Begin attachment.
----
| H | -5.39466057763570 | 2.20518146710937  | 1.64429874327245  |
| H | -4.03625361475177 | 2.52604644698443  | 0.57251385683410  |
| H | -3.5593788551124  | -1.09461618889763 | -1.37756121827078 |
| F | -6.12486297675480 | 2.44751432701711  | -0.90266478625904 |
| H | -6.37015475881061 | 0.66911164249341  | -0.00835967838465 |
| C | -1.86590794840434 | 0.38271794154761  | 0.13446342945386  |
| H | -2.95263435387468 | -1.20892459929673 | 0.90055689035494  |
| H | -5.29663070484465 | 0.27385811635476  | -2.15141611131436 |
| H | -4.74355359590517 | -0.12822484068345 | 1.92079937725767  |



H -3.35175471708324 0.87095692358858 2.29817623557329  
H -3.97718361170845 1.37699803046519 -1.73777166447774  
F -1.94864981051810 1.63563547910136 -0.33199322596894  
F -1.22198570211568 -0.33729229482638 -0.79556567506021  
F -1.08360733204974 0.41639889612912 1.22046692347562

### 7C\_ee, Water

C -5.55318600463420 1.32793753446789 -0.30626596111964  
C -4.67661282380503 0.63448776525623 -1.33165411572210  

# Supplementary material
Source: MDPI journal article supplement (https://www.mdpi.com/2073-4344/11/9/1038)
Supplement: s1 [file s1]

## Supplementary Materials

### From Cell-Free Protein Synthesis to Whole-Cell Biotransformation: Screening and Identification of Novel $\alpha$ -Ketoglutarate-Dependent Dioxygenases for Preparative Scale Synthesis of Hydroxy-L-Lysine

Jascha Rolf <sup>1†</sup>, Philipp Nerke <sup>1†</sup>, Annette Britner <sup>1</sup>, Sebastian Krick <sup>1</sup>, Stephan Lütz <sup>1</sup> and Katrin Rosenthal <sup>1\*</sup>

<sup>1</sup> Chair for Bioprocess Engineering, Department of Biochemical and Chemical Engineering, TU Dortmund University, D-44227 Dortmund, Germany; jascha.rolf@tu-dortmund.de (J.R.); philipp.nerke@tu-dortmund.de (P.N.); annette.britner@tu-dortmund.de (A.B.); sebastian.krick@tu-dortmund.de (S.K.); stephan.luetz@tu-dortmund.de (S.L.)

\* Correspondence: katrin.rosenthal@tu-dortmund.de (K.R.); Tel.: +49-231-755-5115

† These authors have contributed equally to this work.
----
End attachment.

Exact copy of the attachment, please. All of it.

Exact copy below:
| H | -5.39466057763570 | 2.20518146710937  | 1.64429874327245  |
| H | -4.03625361475177 | 2.52604644698443  | 0.57251385683410  |
| H | -3.5593788551124  | -1.09461618889763 | -1.37756121827078 |
| F | -6.12486297675480 | 2.44751432701711  | -0.90266478625904 |
| H | -6.37015475881061 | 0.66911164249341  | -0.00835967838465 |
| C | -1.86590794840434 | 0.38271794154761  | 0.13446342945386  |
| H | -2.95263435387468 | -1.20892459929673 | 0.90055689035494  |
| H | -5.29663070484465 | 0.27385811635476  | -2.15141611131436 |
| H | -4.74355359590517 | -0.12822484068345 | 1.92079937725767  |



H -3.35175471708324 0.87095692358858 2.29817623557329  
H -3.97718361170845 1.37699803046519 -1.73777166447774  
F -1.94864981051810 1.63563547910136 -0.33199322596894  
F -1.22198570211568 -0.33729229482638 -0.79556567506021  
F -1.08360733204974 0.41639889612912 1.22046692347562

### 7C\_ee, Water

C -5.55318600463420 1.32793753446789 -0.30626596111964  
C -4.67661282380503 0.63448776525623 -1.33165411572210  

# Supplementary material
Source: MDPI journal article supplement (https://www.mdpi.com/2073-4344/11/9/1038)
Supplement: s1 [file s1]

## Supplementary Materials

### From Cell-Free Protein Synthesis to Whole-Cell Biotransformation: Screening and Identification of Novel $\alpha$ -Ketoglutarate-Dependent Dioxygenases for Preparative Scale Synthesis of Hydroxy-L-Lysine

Jascha Rolf <sup>1†</sup>, Philipp Nerke <sup>1†</sup>, Annette Britner <sup>1</sup>, Sebastian Krick <sup>1</sup>, Stephan Lütz <sup>1</sup> and Katrin Rosenthal <sup>1\*</sup>

<sup>1</sup> Chair for Bioprocess Engineering, Department of Biochemical and Chemical Engineering, TU Dortmund University, D-44227 Dortmund, Germany; jascha.rolf@tu-dortmund.de (J.R.); philipp.nerke@tu-dortmund.de (P.N.); annette.britner@tu-dortmund.de (A.B.); sebastian.krick@tu-dortmund.de (S.K.); stephan.luetz@tu-dortmund.de (S.L.)

\* Correspondence: katrin.rosenthal@tu-dortmund.de (K.R.); Tel.: +49-231-755-5115

† These authors have contributed equally to this work.